South Sudan is still the youngest country in the world, having gained independence from Sudan in 2011 after a protracted struggle. Having been controlled by Egypt and then the British, the Southern Sudanese fought two civil wars gaining greater autonomy and at last independence. It was then riven by civil war, but in February 2020, a power-sharing agreement between factions was broken, meaning that for the first time the future is looking bright.
The football team is nicknamed the Bright Stars, but whereas South Sudan might be the newest country in the world, it is not the more recent new FIFA member, with both Kosovo and Gibraltar joining in 2015.
Domestic Football in South Sudan
For a country that has been wracked with civil war, the domestic scene has at least maintained its existence. The first championship was held in 2011 after the country became independent, and seven provincial champions competed in the inaugural South Sudan Football Championship. Al-Salam FC were the winners, before becoming the first team to compete in an international, regional tournament. They won the league and cup double in 2017.
The main team to dominate has been Atlabara FC, from Juba – the capital of South Sudan. They won the title in 2013, 2015 and 2019, and represented South Sudan in the African Champions League, albeit eliminated in the first round each time.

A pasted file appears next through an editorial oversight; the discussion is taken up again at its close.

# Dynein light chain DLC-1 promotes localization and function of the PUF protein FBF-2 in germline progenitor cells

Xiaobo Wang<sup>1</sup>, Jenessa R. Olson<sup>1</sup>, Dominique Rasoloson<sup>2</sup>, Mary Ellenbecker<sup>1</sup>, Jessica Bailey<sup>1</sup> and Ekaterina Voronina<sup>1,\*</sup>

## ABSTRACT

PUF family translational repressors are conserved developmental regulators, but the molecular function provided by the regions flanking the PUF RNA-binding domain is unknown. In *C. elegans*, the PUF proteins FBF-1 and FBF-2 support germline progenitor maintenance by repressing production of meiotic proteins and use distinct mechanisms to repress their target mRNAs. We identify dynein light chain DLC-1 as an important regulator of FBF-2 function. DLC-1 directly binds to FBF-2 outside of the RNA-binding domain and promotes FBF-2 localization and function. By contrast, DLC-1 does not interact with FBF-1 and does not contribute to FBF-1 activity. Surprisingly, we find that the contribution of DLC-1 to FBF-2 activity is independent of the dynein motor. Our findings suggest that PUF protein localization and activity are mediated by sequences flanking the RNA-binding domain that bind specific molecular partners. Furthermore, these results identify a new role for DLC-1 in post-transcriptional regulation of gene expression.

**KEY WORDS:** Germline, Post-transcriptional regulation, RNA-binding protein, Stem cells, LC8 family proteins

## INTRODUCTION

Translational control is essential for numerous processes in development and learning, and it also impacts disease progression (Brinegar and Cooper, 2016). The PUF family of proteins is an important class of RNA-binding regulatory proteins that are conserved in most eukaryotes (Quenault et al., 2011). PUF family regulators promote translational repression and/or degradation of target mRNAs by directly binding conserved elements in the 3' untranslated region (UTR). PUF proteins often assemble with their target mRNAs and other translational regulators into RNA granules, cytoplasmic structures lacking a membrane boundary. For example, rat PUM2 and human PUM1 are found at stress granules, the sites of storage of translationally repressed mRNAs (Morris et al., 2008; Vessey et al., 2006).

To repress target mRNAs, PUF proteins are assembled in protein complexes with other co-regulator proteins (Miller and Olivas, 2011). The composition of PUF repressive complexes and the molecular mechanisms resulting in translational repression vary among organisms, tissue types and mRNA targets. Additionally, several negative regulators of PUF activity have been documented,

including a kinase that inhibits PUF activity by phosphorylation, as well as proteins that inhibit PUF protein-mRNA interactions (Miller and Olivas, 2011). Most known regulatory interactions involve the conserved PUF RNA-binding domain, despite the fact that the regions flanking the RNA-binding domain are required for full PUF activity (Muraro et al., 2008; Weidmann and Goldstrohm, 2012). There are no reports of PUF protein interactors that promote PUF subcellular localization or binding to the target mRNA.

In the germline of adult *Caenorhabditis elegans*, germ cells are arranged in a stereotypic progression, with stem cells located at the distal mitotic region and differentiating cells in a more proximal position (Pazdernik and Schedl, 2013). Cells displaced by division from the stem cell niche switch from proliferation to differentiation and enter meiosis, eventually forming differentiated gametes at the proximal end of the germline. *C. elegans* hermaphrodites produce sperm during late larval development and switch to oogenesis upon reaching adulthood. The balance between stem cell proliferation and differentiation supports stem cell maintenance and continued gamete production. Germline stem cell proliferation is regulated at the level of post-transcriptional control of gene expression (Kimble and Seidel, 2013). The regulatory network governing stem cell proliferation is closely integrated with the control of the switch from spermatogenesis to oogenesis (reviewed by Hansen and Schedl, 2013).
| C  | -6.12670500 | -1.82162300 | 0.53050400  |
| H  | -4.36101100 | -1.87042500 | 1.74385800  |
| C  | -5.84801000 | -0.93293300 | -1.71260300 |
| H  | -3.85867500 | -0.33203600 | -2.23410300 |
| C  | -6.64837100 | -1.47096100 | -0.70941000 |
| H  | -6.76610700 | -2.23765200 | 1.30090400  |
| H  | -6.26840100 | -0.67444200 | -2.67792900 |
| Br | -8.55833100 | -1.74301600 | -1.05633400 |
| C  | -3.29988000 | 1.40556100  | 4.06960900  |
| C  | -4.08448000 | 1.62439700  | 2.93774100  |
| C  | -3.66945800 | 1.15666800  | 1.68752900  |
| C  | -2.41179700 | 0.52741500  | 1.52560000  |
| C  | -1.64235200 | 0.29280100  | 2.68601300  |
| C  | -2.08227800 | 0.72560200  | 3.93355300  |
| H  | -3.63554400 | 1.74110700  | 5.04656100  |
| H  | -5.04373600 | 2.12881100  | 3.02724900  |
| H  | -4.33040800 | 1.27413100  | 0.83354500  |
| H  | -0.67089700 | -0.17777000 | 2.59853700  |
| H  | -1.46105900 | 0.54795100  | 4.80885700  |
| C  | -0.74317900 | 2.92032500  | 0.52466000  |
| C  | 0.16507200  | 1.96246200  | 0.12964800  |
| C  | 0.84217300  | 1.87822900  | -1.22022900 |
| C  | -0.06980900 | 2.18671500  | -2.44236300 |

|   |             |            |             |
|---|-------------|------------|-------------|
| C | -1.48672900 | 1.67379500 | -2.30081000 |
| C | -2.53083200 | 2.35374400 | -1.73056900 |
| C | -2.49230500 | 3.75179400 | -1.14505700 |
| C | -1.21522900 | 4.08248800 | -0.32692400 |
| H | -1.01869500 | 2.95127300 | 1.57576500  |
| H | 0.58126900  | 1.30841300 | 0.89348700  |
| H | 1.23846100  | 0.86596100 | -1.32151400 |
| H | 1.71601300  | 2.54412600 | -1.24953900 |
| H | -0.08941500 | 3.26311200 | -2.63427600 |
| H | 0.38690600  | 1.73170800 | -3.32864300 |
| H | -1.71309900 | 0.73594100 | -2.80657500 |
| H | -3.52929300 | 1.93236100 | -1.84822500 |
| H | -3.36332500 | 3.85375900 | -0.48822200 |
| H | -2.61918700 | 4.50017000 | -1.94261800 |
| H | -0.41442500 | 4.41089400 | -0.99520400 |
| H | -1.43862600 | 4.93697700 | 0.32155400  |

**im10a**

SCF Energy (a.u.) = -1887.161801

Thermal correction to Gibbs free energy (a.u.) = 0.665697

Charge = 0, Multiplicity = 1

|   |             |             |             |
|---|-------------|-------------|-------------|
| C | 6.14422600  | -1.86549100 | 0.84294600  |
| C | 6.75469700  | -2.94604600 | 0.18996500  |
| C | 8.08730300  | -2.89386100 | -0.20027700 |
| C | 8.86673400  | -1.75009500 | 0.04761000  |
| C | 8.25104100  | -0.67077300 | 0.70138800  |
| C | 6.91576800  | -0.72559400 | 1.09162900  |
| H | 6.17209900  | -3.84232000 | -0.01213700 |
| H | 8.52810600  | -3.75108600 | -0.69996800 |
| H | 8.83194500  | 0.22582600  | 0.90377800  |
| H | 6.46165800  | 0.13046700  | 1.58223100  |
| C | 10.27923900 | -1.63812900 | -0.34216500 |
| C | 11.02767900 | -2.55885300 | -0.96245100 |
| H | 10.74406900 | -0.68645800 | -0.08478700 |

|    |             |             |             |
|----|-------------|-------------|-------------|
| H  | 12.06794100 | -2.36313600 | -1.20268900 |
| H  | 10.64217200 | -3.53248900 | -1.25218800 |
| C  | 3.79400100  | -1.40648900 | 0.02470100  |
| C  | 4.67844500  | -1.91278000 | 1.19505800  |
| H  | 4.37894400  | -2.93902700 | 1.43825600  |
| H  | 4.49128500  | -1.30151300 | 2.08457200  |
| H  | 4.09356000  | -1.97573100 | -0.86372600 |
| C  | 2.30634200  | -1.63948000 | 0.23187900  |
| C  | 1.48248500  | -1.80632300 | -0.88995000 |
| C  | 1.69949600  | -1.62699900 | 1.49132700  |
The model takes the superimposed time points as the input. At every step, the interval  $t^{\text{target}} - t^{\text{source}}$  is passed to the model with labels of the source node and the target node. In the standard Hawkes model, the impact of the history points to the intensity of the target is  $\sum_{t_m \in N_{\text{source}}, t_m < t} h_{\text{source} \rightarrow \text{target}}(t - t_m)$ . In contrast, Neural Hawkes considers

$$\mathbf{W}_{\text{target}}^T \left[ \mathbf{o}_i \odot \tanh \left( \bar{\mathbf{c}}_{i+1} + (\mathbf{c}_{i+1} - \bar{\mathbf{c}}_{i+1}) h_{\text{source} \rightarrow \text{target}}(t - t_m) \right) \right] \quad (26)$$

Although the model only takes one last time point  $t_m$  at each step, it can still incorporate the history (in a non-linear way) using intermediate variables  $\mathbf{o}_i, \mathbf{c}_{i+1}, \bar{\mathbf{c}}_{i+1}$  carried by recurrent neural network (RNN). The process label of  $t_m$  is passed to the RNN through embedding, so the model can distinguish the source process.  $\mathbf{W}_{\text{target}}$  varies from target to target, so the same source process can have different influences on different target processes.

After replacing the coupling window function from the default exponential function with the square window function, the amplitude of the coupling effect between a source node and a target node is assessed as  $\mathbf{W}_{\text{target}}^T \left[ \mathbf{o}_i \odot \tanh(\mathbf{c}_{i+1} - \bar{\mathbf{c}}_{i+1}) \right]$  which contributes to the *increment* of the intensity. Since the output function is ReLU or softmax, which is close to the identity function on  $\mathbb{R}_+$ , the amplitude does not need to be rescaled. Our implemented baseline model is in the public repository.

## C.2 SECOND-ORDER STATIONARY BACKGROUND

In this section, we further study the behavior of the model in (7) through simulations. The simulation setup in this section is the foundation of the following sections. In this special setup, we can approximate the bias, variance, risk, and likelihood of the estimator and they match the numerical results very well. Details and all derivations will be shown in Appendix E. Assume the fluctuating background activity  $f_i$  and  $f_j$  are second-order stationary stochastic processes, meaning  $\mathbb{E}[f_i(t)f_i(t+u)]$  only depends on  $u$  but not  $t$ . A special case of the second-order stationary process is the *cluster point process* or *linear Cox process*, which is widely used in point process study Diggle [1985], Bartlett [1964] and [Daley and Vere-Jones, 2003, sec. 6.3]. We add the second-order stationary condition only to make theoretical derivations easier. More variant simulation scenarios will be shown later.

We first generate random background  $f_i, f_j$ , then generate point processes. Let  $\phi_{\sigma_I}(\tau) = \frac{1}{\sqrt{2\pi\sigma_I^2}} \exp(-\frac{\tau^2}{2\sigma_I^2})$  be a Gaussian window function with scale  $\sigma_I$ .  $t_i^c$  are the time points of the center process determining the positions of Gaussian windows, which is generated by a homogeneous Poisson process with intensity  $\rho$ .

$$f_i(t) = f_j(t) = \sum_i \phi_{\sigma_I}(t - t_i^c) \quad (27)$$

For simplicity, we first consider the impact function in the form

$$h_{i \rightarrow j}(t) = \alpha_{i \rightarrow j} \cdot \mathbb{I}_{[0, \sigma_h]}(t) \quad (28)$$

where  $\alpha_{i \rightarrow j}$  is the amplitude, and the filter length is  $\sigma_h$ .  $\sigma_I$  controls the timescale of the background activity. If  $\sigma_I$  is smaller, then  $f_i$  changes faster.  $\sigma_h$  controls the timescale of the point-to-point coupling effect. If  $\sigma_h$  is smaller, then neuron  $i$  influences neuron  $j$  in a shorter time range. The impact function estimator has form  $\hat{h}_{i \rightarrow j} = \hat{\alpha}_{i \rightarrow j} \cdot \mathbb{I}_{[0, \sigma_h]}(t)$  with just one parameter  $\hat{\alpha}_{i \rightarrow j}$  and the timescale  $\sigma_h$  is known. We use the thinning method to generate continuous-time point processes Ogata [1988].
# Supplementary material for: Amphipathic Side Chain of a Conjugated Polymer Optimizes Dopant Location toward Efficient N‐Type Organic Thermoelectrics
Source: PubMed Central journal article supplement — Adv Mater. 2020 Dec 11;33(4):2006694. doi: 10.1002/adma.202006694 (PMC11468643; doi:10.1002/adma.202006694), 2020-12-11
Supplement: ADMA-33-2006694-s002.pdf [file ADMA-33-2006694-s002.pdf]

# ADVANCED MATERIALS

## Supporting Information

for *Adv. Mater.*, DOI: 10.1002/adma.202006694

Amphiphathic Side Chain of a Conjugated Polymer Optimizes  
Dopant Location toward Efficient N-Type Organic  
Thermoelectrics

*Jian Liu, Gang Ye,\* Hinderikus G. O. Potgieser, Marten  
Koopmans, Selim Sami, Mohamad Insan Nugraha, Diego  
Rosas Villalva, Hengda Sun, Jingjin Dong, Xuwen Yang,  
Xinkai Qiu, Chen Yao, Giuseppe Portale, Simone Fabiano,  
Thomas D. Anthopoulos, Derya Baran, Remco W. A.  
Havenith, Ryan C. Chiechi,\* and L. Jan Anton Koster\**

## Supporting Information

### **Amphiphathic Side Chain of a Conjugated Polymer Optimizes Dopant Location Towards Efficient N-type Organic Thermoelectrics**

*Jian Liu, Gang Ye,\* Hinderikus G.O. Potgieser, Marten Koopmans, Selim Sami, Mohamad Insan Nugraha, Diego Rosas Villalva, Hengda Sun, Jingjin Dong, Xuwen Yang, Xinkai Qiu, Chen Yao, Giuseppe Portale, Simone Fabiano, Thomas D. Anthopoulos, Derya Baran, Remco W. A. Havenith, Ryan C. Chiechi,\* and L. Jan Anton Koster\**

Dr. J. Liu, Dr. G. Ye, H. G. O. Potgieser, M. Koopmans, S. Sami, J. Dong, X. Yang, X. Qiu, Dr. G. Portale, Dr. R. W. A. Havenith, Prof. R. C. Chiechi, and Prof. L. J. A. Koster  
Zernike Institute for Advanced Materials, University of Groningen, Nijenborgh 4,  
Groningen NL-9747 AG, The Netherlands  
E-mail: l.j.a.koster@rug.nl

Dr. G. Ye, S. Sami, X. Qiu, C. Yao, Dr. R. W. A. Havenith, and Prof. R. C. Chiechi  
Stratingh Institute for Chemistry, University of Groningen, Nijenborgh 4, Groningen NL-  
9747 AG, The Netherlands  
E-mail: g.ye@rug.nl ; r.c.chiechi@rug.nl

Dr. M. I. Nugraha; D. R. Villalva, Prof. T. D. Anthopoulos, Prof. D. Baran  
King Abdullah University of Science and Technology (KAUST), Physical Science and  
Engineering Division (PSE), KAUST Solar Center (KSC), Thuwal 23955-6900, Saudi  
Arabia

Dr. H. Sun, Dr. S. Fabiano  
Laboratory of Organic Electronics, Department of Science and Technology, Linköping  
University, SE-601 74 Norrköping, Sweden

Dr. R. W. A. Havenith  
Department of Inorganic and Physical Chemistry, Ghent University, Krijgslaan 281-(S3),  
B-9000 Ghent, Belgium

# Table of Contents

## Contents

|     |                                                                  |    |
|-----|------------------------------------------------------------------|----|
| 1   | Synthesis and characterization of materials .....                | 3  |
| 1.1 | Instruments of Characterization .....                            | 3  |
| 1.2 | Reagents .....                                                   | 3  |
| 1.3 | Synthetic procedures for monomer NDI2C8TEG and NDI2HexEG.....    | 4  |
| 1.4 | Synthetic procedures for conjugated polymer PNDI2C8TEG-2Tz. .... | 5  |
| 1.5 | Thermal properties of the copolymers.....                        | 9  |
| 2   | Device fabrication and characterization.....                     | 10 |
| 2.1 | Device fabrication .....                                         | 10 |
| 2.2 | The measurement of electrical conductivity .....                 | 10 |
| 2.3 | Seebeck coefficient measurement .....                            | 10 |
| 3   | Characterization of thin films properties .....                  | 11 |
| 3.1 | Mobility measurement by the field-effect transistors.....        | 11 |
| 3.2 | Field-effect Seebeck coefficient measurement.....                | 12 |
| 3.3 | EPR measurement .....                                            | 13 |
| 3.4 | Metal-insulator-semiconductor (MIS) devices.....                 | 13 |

However, the fun fact of your week is that the team’s name, Atlabara, literally means “Get Out” in Arabic. During the war for independence, the Sudanese military occupied this suburb of Juba and shouted the order for every man to “get out” their house. It is a name thus laced with history and memory.
Women’s football in South Sudan has trailed the men’s game somewhat, with women and girls facing all sorts of cultural barriers to playing the sport, although there are signs of hope.
Who are the best South Sudanese footballers?
James Moga, now retired, is the record goalscorer for South Sudan, having scored 6 goals. He also scored 5 for Sudan before South Sudanese independence.
Many South Sudanese players grew up as refugees and are based outside the country. David Majak escaped to Kenya at the age of 7 and settled there, playing football for Kenyan Premier League team Tusker FC.
And there is an interesting South Sudan-Australia connection.
In the autumn 2019 rounds of qualifiers, they named a 32-man squad that featured 12 Australia based players, including two who previously played for Australia’s under-23s and one who played for Norway Juniors. Abraham Majok and Ruon Tongyik both play for Central Coast Mariners in the Australian A-League, and Tokmac Nguen was born as a refugee in Kenya and then grew up in Norway playing for their under-18s.
A large number of South Sudanese players come from refugees, including those who settled in Australia. South Sudanese born Thomas Deng and Awer Mabil both made their debut for Australia in 2018.
What’s their stadium like?
Juba Stadium is under renovation, and the plan is for a 35000 seater national stadium to be ready soon, replacing the old 7000 capacity arena built-in 1962.
Due to the civil war in South Sudan since independence, most of their home games have been played in Khartoum, Sudan, but with peace on the horizon, the hope is that football will return to Juba once more.
Join YPT on our annual South Sudan Essentials Budget Tour, our South Sudan Extended Tour or our Sudan and South Sudan Combo Tour